Most commercial rockets have a carbo capacity measured in tons, but the new Electron launch vehicle from Rocket Lab is designed for lighter duty. This rocket can haul just 150 kg (331 pounds) into orbit, but it’s cheap and small — really, look how cute and little it is. Rocket Lab is still working out the kinks with the Electron, but it successfully launched the first rocket from its New Zealand facility today. There was no payload and the rocket didn’t quite reach orbit, but the company is still calling it a win.
The rocket, dubbed “It’s a Test,” lifted off from the Mahia Peninsula on the North Island of New Zealand in the early afternoon of May 25th local time. The first stage climbed as expected, reaching space before something went wrong with the second stage. The second stage separated and ignited, but what exactly happened after that is unknown right now. Thus, it didn’t have enough power to reach orbit. The company is looking into the specifics, but reaching space on its very first launch isn’t bad.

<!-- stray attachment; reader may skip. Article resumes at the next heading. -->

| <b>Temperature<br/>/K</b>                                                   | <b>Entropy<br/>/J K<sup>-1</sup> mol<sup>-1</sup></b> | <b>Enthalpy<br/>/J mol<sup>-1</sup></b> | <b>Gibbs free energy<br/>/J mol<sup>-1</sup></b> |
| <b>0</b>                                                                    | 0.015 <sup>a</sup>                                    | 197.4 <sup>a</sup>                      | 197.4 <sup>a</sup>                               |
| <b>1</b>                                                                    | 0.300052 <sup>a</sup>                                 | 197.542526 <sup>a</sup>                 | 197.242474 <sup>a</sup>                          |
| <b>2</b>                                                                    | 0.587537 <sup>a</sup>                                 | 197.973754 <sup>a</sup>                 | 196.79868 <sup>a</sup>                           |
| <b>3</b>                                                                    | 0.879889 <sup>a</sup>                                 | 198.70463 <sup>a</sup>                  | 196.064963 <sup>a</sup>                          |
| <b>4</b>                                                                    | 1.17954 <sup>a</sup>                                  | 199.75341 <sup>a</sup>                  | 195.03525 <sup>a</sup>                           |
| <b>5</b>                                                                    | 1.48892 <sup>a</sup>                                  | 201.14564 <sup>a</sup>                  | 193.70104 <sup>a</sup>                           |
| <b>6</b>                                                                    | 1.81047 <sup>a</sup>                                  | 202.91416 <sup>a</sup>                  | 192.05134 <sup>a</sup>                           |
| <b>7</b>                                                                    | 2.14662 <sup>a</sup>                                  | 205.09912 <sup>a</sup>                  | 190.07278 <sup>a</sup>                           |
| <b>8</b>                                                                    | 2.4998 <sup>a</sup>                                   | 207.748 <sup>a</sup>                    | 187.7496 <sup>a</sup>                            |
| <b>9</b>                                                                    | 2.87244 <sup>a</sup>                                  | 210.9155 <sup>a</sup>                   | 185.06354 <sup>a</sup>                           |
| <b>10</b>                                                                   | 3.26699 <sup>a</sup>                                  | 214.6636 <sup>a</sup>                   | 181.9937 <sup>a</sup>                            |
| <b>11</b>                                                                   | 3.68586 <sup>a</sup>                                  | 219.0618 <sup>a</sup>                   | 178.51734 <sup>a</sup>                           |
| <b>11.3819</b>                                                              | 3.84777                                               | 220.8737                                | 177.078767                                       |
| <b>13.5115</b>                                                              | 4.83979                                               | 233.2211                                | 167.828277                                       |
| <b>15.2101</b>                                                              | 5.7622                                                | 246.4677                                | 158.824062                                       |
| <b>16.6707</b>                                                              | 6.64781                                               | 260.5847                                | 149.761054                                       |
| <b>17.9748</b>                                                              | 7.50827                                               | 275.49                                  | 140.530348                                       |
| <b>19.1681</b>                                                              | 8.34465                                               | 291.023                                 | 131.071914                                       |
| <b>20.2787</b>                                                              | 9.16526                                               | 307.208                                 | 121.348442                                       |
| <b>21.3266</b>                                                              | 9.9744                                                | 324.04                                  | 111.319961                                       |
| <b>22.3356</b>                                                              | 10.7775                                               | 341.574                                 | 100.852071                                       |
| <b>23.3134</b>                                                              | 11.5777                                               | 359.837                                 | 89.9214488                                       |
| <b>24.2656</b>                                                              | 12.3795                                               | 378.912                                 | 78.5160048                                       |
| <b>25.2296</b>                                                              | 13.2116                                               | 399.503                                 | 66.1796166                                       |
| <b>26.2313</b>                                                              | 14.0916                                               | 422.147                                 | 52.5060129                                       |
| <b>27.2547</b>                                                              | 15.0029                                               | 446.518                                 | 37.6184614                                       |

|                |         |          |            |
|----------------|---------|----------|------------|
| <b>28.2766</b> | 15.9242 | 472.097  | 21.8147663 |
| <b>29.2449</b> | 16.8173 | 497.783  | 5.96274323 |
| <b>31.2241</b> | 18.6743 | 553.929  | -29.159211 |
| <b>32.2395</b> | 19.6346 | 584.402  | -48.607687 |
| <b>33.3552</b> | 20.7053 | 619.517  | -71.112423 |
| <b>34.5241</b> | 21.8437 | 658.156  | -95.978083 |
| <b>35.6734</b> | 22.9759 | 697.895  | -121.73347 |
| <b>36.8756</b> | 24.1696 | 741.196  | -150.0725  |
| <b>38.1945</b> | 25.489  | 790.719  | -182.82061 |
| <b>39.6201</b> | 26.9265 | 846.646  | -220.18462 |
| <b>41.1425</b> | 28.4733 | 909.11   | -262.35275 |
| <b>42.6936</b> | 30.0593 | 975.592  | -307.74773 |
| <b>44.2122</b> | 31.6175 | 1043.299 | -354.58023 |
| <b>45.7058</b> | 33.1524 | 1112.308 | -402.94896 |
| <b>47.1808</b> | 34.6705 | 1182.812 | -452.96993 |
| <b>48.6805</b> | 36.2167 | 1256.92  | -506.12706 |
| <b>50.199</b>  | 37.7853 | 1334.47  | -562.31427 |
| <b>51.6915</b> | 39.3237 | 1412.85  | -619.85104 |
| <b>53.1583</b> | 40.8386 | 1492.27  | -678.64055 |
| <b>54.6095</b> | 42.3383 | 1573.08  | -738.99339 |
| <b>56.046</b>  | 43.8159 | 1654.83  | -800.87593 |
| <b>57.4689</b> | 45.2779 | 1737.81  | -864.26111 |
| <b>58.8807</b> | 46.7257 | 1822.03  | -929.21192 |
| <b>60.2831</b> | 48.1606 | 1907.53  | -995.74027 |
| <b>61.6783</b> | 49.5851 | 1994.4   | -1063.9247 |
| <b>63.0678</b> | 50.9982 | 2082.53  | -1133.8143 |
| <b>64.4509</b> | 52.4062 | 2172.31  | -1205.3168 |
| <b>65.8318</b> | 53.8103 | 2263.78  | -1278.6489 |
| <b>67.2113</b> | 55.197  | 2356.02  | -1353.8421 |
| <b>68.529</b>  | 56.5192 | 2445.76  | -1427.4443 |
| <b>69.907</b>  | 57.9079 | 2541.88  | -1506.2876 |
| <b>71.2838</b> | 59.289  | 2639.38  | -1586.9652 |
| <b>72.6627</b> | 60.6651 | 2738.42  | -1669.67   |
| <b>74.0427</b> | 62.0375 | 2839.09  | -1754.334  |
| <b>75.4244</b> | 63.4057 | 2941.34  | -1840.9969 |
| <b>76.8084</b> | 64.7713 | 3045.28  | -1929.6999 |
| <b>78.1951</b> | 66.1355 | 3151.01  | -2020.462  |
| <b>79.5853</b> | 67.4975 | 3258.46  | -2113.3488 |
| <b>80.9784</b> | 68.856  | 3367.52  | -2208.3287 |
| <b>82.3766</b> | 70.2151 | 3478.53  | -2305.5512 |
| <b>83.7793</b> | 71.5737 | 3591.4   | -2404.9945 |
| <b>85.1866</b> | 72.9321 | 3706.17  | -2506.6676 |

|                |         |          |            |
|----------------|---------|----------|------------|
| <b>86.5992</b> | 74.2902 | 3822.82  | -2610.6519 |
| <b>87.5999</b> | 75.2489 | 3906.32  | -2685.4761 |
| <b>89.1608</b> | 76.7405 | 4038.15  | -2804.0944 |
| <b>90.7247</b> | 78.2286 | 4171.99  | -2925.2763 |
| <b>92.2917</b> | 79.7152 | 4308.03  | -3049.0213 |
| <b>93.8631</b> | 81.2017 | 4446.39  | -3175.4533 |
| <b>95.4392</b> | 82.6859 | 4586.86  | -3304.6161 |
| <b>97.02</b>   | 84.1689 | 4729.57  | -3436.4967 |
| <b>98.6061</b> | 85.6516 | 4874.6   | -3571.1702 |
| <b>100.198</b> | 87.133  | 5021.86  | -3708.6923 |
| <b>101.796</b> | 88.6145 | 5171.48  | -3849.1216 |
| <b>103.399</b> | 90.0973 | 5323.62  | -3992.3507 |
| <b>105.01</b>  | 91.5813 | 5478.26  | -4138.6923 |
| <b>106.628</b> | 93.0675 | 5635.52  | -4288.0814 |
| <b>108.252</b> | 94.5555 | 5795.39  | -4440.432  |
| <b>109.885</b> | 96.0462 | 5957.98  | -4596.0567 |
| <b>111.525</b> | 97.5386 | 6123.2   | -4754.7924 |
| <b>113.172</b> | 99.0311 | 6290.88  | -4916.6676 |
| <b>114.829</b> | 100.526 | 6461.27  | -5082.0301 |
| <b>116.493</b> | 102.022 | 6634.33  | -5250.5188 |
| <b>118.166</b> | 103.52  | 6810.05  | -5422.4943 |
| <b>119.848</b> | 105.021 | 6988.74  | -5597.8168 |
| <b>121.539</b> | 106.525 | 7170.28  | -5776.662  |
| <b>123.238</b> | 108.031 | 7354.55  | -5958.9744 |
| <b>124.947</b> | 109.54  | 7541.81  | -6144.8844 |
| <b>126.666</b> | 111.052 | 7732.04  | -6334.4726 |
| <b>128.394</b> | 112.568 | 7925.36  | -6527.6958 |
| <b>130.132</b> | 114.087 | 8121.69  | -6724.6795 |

Electron is tiny as rockets go at just 17 meters tall. That’s much smaller than the Falcon 9 (68 meters tall) or Atlas V (58 meters tall), and that means it has a correspondingly small payload capacity. Electron is never going to hoist a full-size communication satellite into orbit, but it’s great for launching smaller devices like CubeSats. Currently, anyone wanting to get one of these microsatellites into orbit has to wait for space to be available aboard a larger rocket, but the Electron could launch more quickly and cheaply. The total cost of a launch is just $ 5 million, compared with $ 62 million for a Falcon 9.
— Rocket Lab (@RocketLabUSA) May 25, 2017
Unlike the larger Falcon 9, Electron is a completely expendable launch vehicle. The relatively low cost of the rocket means little would be saved by recovering and refurbishing it for another launch. It’s easier to just build another little rocket, and Rocket Lab expects to build a lot of them. The company would like to have approximately 50 launches per year, many of which will take place at the New Zealand “Mini Launcher.” That location is ideal for getting payloads into a polar orbit, which is essential for scanning the entire surface of Earth.
The aptly named It’s a Test is only the first of three test launches for Electron. The next one is expected in a few months, and Rocket Lab is hoping to be ready for real launch operations late in 2017. It won’t be doing the big, glamorous missions like SpaceX, but Rocket Lab could make space more accessible to small companies and startups.